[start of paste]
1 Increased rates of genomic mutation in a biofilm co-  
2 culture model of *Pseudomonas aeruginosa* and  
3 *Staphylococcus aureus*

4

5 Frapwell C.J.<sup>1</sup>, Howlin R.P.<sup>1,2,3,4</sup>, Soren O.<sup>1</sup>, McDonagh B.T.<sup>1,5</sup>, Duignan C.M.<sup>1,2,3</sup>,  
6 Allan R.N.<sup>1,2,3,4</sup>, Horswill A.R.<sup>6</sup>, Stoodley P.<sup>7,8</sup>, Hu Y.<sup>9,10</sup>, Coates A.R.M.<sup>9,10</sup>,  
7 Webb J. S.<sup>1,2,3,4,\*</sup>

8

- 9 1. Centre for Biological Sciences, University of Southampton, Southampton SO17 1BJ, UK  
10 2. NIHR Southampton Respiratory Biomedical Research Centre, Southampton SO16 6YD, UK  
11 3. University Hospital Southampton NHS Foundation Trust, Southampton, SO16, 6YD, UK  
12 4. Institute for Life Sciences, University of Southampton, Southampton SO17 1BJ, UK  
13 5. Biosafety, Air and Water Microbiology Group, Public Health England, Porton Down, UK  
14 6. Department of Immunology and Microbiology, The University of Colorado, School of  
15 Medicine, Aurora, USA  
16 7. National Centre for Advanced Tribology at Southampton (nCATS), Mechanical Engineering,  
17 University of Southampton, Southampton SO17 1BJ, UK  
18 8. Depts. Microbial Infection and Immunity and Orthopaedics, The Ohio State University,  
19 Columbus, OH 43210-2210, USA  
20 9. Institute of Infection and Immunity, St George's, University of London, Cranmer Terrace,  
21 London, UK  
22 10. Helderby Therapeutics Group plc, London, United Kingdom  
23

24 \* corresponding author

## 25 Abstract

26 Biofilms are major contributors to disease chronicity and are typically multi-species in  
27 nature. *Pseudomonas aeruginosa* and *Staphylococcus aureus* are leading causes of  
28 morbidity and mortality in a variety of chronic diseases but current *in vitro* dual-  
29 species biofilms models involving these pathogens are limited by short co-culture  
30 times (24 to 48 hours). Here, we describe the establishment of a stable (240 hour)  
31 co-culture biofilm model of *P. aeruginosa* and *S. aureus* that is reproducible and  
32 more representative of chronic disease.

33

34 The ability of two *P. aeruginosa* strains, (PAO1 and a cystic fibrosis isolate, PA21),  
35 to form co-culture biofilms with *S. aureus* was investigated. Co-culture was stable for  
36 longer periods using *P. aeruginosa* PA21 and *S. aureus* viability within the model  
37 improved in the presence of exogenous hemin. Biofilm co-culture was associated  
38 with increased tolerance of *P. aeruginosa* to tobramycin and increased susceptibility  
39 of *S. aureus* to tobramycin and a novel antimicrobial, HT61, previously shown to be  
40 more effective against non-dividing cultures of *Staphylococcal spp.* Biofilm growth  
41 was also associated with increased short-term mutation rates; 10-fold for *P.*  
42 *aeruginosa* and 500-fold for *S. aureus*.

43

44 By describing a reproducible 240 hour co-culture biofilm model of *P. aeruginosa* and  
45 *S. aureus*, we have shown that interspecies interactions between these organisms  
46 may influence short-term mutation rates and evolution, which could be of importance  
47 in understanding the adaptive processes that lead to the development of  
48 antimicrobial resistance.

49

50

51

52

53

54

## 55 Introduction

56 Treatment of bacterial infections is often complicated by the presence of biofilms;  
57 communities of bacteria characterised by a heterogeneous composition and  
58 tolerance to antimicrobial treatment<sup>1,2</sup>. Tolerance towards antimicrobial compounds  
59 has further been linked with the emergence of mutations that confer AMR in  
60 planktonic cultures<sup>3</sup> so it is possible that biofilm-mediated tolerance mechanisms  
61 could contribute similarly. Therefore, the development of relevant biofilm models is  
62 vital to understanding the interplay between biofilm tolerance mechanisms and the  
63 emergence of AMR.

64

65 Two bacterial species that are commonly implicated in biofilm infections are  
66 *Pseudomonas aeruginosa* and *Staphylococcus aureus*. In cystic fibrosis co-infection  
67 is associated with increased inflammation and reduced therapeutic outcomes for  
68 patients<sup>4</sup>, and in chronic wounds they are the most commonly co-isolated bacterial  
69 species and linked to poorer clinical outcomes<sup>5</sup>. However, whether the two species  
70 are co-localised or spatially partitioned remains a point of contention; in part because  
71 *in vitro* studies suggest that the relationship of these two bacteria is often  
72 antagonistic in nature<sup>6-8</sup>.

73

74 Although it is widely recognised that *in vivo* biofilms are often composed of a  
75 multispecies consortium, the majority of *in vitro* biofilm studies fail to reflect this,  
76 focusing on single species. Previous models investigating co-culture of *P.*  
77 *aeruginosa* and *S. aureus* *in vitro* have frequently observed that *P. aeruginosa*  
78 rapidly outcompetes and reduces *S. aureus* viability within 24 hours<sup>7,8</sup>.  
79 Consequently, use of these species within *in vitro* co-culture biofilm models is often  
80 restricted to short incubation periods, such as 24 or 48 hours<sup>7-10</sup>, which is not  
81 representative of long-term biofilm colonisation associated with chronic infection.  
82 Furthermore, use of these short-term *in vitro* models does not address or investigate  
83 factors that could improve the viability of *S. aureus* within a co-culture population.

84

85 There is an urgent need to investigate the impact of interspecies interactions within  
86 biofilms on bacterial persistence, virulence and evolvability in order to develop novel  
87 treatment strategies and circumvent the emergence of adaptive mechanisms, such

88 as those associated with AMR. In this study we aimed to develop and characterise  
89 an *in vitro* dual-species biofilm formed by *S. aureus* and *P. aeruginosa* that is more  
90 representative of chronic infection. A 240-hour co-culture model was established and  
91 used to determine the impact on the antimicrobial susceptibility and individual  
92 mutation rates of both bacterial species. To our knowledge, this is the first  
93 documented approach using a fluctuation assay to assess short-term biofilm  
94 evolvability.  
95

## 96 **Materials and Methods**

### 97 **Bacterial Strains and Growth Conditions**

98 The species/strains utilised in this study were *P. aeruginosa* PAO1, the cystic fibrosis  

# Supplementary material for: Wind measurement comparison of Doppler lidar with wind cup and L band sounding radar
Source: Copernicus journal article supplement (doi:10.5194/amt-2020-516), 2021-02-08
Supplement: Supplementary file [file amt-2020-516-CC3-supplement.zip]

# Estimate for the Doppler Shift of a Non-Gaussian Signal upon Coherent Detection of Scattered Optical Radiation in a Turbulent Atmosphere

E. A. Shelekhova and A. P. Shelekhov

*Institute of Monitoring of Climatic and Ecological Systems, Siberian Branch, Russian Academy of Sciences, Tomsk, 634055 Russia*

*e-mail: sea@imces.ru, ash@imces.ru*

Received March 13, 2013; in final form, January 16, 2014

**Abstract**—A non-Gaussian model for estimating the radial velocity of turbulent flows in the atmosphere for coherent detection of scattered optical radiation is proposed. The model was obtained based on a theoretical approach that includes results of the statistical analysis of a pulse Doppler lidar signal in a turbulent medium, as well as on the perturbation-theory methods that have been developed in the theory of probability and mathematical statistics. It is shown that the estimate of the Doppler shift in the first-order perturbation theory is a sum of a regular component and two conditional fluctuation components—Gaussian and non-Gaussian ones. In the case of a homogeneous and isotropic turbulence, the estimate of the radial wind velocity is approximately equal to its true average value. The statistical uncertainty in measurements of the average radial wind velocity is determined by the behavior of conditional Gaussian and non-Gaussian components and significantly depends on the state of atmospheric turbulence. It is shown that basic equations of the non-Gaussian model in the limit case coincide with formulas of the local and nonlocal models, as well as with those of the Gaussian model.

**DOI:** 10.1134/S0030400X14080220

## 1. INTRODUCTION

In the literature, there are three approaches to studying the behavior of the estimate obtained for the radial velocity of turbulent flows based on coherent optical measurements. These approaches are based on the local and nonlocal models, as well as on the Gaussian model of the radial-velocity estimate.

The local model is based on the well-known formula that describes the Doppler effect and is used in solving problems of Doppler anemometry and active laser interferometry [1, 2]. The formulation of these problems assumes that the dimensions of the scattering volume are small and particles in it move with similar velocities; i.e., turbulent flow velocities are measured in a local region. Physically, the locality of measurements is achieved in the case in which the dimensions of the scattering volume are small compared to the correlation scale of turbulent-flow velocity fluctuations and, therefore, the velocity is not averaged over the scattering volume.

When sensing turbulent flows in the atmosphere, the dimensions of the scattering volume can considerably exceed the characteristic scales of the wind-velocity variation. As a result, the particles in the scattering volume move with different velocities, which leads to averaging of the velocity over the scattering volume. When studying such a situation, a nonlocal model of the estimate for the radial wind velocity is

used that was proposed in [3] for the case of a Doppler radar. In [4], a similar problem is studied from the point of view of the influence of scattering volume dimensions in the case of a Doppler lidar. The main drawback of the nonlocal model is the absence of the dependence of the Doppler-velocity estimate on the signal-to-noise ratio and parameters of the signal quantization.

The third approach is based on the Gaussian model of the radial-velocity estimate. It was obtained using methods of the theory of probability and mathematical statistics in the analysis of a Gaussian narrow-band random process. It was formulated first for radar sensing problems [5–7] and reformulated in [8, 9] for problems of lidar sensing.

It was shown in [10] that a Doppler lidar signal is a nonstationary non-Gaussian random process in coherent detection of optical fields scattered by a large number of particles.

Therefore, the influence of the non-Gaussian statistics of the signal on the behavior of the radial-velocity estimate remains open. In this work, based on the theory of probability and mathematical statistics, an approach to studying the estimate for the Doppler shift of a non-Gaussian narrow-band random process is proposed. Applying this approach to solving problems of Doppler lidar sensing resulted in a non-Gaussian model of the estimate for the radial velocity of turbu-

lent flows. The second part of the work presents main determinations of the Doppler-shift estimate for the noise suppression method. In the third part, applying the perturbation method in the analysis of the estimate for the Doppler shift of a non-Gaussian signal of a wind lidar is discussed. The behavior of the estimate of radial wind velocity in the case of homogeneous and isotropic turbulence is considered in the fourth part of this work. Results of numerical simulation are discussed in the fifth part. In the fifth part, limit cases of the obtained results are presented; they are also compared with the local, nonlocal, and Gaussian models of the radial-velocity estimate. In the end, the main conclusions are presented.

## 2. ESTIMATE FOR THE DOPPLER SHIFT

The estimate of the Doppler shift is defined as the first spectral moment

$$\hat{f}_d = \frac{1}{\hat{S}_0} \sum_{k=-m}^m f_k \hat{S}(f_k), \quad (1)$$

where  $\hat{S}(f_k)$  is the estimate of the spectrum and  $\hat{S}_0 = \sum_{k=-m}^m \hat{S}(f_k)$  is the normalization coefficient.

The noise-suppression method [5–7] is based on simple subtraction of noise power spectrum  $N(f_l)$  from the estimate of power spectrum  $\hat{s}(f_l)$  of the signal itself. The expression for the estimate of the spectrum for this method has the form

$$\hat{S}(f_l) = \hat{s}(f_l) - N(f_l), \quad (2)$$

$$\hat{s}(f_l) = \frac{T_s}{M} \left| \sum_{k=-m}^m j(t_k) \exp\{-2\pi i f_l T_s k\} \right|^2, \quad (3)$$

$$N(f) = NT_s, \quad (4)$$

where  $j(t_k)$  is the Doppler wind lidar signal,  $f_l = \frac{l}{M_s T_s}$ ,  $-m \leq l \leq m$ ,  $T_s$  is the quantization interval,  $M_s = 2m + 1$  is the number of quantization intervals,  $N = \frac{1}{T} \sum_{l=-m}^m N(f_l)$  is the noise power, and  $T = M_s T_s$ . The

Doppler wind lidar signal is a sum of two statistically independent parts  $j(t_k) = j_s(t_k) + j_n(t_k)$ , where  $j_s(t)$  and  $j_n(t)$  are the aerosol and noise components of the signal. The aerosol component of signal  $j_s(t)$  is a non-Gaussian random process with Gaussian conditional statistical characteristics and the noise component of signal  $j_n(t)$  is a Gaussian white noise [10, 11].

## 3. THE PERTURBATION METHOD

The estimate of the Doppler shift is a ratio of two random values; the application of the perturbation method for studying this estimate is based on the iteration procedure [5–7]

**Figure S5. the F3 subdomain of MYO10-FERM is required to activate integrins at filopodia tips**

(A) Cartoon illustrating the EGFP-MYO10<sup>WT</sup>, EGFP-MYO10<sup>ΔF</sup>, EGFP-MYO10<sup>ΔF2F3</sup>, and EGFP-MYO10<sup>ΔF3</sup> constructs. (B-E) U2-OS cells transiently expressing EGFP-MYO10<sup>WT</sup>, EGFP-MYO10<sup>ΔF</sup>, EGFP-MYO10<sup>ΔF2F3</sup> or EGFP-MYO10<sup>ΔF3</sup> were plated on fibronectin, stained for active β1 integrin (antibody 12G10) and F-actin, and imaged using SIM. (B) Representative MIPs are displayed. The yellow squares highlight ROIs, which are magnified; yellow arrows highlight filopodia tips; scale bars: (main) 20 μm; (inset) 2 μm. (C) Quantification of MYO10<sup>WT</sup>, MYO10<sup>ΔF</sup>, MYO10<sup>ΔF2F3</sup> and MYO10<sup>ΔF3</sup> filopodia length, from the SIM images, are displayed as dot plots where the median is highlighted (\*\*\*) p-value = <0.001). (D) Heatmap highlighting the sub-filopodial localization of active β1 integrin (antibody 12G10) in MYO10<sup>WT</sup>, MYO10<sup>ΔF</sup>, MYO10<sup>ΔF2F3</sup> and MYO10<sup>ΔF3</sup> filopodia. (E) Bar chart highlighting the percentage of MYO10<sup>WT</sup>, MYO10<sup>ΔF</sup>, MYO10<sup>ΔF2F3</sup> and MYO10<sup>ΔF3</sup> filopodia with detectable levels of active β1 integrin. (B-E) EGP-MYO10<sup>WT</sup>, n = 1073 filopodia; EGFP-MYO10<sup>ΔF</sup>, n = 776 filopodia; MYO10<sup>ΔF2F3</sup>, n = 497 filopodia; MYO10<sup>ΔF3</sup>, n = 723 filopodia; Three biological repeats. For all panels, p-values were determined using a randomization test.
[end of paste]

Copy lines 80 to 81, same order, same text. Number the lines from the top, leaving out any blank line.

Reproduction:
80 restricted to short incubation periods, such as 24 or 48 hours<sup>7-10</sup>, which is not  
81 representative of long-term biofilm colonisation associated with chronic infection.  